Conservation of Red Jungle Fowl in Haryana
The Red Jungle Fowl is found in India and is distributed approximately along with the Sal forests in the country. It was also found in Malaysia, Indonesia and adjoining countries of the eastern region from where it is reported to be extinct. Of late concerns had been raised regarding the genetic integrity and the purity of RJF in the wild and those under captivity. This matter regarding the purity of the wild RJF is important because wild genes often hold the key to disease resistance. The dilution with the genes of domestic fowl results in the endangerment of RJF.
The red jungle fowl (RJF) is one of the four jungle fowls found in the Indian Subcontinent belonging to the genus Gallus, the other three being grey, Ceylon and Green. RJF is distinct in its appearance; its strikingly colourful plumes and majestic red comb makes it a beautiful bird. The presence of eclipse plumage differentiates this from other poultry birds.According to historical evidences RJF was first domesticated in Harappa and Mohenjodaro in the Indus Valley around 2500-2100 BC. From the place of domestication RJF moved to other parts of the world and has contributed to the evolution of various breeds of domestic chicken across the globe. India, despite being the origin of the red jungle fowl is importing poultry from outside. It is reported that the wild populations of RJF have been contaminated by domestic or feral chicken. However, it has been opined that the non-contaminated RJF still exists which need to be saved.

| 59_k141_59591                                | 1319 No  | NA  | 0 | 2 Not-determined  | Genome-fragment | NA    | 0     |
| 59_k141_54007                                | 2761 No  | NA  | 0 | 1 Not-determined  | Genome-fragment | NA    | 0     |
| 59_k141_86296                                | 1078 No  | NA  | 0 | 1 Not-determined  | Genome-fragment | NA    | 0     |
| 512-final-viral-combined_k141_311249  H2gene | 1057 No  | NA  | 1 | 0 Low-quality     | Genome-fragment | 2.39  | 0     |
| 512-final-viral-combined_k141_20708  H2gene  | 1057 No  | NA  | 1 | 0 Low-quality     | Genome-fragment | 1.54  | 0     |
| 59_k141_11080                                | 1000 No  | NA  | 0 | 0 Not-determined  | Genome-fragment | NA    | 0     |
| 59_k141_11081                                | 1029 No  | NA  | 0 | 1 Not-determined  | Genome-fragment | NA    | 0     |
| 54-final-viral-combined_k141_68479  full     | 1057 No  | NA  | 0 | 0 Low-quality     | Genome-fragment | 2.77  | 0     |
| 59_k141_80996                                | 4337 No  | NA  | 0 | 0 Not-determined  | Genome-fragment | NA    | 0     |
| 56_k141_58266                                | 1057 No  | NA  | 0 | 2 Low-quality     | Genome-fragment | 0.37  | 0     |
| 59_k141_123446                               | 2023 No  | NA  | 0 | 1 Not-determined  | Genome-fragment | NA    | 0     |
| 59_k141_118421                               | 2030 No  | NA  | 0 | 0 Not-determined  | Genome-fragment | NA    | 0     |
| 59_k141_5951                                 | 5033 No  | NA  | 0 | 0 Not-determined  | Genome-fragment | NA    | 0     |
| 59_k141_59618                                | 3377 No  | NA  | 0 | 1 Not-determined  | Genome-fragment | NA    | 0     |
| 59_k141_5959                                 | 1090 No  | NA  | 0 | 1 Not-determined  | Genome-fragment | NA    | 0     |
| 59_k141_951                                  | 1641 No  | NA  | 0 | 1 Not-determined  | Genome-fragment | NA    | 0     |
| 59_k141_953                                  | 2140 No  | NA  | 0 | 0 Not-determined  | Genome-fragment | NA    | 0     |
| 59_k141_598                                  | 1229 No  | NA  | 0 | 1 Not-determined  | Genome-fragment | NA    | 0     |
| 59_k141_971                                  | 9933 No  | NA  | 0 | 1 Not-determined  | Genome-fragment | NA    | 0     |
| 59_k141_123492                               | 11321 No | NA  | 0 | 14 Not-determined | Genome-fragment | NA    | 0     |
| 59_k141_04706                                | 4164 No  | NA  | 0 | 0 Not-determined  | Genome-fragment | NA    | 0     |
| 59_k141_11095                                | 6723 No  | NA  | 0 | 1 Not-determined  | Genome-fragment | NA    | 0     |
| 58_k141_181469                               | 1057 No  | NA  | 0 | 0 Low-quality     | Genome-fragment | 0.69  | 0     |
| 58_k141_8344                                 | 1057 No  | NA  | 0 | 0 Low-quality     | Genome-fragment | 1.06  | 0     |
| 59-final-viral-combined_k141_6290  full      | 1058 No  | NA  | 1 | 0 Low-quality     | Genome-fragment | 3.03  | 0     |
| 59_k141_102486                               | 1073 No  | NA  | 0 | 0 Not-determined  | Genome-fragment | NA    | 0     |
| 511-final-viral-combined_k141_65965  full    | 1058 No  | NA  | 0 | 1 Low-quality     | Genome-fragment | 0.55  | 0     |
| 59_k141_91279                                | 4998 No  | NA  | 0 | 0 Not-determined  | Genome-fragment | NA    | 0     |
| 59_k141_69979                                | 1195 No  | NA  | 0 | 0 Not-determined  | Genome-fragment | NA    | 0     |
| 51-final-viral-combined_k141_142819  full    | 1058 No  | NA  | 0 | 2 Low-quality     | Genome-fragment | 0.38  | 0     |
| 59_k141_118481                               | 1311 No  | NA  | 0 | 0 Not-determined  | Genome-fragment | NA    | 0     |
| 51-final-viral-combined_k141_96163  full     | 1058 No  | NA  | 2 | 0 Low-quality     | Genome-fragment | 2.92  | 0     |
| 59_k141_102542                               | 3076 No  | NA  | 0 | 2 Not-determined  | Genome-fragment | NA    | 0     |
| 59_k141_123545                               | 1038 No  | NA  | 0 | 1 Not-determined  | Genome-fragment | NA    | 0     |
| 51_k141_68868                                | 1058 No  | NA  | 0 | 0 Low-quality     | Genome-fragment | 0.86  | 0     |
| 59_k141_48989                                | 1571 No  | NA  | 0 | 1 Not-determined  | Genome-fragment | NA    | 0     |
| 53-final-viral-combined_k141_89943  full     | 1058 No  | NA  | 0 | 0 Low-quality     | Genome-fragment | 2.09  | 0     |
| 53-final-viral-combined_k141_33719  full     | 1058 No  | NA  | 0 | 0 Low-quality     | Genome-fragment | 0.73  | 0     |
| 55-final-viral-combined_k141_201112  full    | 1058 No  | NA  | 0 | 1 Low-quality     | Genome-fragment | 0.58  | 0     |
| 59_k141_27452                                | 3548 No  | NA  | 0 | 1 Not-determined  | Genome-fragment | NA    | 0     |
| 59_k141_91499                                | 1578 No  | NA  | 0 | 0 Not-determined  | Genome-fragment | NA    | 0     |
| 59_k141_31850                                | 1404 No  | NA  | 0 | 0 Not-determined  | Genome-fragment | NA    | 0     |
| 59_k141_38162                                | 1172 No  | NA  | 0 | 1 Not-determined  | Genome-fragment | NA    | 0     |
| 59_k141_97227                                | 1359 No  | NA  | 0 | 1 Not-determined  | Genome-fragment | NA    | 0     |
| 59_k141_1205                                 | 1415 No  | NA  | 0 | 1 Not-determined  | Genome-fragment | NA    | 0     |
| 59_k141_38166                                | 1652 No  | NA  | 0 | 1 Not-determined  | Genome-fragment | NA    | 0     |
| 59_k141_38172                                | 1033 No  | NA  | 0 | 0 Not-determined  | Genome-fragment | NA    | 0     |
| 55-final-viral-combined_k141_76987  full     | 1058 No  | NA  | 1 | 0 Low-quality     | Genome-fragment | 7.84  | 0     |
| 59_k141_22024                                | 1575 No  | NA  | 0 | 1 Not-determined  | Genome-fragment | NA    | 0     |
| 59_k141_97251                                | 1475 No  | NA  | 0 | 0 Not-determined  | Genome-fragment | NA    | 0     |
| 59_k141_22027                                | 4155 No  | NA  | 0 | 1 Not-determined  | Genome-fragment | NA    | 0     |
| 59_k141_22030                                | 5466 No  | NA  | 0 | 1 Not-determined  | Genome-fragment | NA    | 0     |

With the decline in forest resources and rapid urbanization the population of many wildlife species has decreased to an alarming in low level. The need for the conservation of Galliformes species was highlighted at national and international level in the early part of 1990. The Haryana Forest Department, with a view to breed available local pheasant species and release them in nature established a pheasant breeding center at Morni, about 30 km from Panchkula during 1991-92 and 1992-93. Initially it was thought that the center would breed Red Jungle Fowls, Cheere pheasants, Kalij pheasants and Chakores. However, later the emphasis continued mainly on Red Jungle Fowls and Kalij pheasants.
Morni Pheasant Breeding Center
Six aviaries and a walk-in aviary have been constructed for breeding of the pheasants.During the years 1992-93 to 1995-96 few eggs were collected from the wild and hatched at the center. However, after 1996 most of the increase in the population of the bird is breeding in the center itself. Help of broody hen was taken for brooding & hatching purposes. During the year 1998-99 fourteen birds born in the summer of 1998 were released in the forest area. In 1999 seven birds and in 2000 again 10 birds were released. Thus in all 31 sub-audlt birds were released in the preselected proper habitat of the birds.